Iran and Venezuela are reeling from U.S. sanctions

A worldwide oil surplus is permitting the United States to accelerate its plan of bringing Iranian crude exports to a standstill, and markets are watching on in awe as the commodity battle plays out.

U.S. sanctions on Iran and Venezuela, two of the largest oil producers in the Organization of Petroleum Exporting Countries (OPEC), and production cuts by the cartel and Russia have increased global oil price to near four-month highs and have made heavy crude more pricey for refiners.

Iran reeling from sanctions

Iran has lost $10 billion in income because of U.S. sanctions in November, with about 1.5 million barrels each day (bpd) of Iranian crude being cut from international markets, a U.S. State Department official said on Wednesday.

Brian Hook, the State Department’s special representative on Iran, said in remarks at the CERAWeek energy conference that due to a global oil surplus – in part due to growing U.S. production – the United States is accelerating its plan of bringing Iranian crude exports to zero.

Iran reached an arrangement with world powers in 2015 over its nuclear program which caused the lifting of sanctions in 2016 however U.S. President Donald Trump pulled the plug in May last year and reimposed restrictions in November.

The worldwide oil market is searching for indications that Washington may extend sanctions waivers for Iran’s key consumers in early May. The United States amazed the marketplace in November by enabling eight nations to keep importing Iranian oil – in part causing Brent futures, the international benchmark, to fall to near $50 a barrel in late December after surpassing $86 a barrel in October.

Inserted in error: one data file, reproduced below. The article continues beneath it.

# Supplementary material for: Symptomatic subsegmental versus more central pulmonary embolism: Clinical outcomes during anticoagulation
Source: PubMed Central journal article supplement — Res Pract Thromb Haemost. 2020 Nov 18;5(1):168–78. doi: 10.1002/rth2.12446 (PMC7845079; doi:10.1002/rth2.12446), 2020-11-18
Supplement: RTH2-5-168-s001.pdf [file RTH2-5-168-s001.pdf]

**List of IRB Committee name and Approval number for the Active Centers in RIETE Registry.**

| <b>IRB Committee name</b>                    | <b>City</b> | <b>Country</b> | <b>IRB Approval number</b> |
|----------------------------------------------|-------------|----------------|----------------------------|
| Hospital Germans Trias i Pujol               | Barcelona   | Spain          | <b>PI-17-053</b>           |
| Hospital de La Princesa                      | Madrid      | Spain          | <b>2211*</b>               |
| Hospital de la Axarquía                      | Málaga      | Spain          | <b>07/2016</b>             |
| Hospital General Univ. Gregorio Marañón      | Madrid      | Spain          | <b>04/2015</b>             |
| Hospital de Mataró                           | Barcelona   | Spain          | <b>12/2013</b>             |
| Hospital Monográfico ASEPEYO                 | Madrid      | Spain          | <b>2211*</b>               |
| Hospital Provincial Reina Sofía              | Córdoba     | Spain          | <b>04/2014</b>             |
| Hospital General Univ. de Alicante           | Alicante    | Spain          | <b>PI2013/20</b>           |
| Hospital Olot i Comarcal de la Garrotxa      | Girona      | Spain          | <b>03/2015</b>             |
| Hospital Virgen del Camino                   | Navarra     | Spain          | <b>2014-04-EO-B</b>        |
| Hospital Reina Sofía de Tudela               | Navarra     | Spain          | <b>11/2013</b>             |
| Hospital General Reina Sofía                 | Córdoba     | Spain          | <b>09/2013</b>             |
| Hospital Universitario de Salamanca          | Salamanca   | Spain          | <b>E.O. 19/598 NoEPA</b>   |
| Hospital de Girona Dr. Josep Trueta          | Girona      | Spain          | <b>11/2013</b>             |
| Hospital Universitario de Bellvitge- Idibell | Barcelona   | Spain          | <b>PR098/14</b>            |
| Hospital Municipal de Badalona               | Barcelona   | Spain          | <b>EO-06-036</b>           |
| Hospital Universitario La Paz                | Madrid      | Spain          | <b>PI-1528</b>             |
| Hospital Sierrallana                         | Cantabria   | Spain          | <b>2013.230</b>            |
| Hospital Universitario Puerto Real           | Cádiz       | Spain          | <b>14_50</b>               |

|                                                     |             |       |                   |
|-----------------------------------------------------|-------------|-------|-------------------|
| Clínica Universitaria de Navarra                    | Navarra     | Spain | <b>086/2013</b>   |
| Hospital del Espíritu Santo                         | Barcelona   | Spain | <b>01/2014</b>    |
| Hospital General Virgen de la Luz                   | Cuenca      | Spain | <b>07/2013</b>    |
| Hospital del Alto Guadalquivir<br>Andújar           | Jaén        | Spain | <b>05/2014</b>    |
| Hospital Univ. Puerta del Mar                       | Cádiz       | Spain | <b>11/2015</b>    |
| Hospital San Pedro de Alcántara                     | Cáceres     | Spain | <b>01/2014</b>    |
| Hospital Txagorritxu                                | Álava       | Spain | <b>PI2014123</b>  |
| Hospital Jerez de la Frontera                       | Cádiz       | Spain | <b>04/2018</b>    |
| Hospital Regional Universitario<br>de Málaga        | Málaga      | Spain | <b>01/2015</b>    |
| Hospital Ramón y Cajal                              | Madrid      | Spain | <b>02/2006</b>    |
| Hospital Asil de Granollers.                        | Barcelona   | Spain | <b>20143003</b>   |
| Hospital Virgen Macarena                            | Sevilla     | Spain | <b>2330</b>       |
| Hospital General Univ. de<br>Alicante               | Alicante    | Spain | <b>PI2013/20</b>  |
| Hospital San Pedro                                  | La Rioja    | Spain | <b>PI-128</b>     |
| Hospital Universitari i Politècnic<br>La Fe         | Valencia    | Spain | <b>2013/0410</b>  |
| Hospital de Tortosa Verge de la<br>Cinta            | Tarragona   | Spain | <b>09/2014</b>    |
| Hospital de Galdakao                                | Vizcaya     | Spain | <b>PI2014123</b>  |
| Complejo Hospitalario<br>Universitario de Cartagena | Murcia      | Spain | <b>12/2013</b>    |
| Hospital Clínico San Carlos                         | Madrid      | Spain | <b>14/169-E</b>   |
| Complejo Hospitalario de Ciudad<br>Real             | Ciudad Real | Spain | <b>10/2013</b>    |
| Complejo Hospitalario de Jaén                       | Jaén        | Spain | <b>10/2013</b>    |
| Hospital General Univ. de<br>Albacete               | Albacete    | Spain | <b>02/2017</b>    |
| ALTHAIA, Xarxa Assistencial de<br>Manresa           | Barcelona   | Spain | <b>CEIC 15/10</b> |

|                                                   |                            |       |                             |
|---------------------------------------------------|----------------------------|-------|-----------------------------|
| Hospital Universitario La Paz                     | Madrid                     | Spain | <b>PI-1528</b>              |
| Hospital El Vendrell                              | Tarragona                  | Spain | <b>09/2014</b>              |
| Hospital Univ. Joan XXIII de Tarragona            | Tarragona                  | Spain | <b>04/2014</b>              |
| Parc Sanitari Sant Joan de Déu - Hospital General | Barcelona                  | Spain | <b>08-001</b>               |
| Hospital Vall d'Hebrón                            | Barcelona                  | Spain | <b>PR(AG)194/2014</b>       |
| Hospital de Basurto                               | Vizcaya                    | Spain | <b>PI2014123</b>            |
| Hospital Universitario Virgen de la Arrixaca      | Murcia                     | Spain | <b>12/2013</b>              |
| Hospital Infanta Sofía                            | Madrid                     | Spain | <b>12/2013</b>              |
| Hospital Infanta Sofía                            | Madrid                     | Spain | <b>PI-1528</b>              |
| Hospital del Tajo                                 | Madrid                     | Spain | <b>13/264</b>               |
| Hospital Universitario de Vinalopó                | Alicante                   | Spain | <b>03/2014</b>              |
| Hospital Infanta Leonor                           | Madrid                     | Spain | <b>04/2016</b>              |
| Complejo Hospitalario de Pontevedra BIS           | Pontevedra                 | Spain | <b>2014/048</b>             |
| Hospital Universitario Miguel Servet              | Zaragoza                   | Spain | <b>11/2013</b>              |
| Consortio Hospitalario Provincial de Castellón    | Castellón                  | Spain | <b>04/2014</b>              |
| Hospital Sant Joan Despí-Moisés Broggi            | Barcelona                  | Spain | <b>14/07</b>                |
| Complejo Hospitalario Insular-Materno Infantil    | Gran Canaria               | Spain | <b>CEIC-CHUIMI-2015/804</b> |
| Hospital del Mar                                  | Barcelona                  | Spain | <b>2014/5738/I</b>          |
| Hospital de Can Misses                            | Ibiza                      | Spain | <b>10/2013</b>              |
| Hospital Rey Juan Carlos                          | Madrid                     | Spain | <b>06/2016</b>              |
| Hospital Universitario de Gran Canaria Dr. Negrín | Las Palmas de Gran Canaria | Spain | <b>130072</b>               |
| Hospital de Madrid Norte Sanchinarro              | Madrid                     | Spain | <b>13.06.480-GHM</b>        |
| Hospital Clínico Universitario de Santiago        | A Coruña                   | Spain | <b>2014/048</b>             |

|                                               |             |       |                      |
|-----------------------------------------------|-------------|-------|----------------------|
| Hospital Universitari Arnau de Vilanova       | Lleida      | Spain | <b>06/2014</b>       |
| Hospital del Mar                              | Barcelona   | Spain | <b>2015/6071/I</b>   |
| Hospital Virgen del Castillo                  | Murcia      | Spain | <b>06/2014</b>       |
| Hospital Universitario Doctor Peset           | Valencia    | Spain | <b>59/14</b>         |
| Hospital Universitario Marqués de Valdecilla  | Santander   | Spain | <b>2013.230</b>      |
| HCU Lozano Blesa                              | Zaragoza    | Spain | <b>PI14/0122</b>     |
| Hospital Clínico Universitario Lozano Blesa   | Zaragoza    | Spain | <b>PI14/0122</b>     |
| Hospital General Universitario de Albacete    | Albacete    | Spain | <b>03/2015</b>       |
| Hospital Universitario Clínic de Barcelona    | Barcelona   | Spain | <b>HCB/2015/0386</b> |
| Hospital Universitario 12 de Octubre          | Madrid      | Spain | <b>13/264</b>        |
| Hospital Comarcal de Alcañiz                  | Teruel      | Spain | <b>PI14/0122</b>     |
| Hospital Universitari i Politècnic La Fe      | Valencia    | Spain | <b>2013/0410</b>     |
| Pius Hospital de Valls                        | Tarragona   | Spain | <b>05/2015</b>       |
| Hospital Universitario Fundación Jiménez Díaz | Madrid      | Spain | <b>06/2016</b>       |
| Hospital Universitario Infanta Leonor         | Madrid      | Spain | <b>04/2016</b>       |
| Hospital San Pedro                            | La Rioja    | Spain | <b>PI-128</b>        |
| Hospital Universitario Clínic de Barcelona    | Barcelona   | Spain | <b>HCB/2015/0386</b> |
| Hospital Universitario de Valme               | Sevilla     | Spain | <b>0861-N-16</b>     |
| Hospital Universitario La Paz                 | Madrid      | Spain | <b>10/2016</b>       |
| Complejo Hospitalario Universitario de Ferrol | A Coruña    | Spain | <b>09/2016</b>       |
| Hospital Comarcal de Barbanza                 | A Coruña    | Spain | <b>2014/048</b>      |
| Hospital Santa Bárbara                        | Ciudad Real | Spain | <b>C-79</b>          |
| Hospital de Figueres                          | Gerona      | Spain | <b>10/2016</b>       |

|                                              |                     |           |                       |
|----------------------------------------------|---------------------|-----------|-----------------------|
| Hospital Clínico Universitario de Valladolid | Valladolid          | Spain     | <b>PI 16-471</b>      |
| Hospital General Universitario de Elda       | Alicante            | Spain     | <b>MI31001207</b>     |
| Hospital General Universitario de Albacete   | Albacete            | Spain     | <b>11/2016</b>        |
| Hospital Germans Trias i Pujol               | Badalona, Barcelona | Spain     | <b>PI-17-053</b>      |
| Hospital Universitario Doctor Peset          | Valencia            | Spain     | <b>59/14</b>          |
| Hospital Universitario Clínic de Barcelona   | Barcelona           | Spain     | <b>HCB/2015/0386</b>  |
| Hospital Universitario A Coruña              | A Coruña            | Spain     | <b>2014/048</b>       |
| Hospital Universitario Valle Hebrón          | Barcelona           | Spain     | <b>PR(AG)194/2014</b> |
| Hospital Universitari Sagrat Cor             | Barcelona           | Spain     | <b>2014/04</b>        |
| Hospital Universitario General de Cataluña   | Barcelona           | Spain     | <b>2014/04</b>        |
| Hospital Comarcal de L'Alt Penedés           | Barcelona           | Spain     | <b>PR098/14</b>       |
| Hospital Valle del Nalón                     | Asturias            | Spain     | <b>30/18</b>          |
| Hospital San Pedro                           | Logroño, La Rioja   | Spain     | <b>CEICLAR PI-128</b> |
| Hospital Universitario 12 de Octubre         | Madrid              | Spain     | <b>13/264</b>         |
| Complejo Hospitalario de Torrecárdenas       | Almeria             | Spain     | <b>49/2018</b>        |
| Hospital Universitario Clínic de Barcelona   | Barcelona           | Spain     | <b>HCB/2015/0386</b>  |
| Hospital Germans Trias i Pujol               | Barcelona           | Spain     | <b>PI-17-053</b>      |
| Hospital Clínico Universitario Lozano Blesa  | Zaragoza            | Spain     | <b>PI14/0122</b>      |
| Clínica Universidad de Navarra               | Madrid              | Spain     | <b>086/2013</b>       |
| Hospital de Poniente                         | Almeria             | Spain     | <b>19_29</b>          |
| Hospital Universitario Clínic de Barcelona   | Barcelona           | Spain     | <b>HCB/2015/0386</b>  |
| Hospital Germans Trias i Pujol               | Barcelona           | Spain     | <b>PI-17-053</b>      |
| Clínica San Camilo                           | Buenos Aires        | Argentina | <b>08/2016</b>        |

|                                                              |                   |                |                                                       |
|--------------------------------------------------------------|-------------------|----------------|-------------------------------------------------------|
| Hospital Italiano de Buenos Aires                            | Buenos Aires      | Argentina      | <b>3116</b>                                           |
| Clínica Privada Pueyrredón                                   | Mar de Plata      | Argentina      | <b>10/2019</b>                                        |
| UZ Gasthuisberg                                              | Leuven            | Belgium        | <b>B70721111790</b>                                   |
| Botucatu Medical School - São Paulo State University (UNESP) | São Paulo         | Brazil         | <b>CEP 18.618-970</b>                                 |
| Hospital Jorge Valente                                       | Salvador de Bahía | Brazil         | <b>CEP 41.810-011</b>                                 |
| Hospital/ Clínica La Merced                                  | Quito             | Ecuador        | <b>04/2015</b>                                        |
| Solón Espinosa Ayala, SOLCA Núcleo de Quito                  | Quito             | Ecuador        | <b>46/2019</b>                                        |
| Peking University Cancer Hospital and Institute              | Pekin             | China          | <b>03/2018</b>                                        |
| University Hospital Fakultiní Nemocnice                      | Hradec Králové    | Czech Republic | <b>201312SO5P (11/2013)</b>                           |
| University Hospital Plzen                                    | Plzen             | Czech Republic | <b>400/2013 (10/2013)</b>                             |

Venezuela isn’t faring much better

Venezuelan oil production has been falling dramatically on its own to the point where it was anticipated to be well less than 1 million barrels a day this year. The sanctions on Caracas have not triggered any huge market shocks.

Elliott Abrams, the State Department Unique Agent for Venezuela, stated the sanctions on Venezuela are meant to be short-term and force the government to alter behavior. The U.S. actions are seen as a message focused on the military leadership, which up until now continues to support Venezuela President Nicolas Maduro.

U.S. officials have recognized Juan Guaido, president of the National Assembly, who began calling himself Venezuela’s president six weeks ago.

Since then, Venezuela has faced a variety of challenges, including a massive blackout which Maduro claims the U.S. caused.

Daniel Yergin, IHS Markit vice chairman, stated Venezuela’s oil operations had been deteriorating a lot under Maduro that they had already become much less critical to world supply, even though Venezuela has the world’s biggest oil reserves. “The Maduro regime has been committing oil suicide,” he declared.

Venezuela continues to export oil to China and Russia, however, as those barrels are essential to settle debts.

Brazil and Iraq step up

Brazil and Iraq are also expected to put more heavy crude barrels onto the market, and Canada could release more shipments of Alberta crude to the U.S. if prices stay high enough to make it financially feasible.

IHS Markit senior vice president Carlos Pascual explained, “The serious question that everyone is looking at is the availability of heavy crude oil as a further round of sanctions on Iran plays out.”

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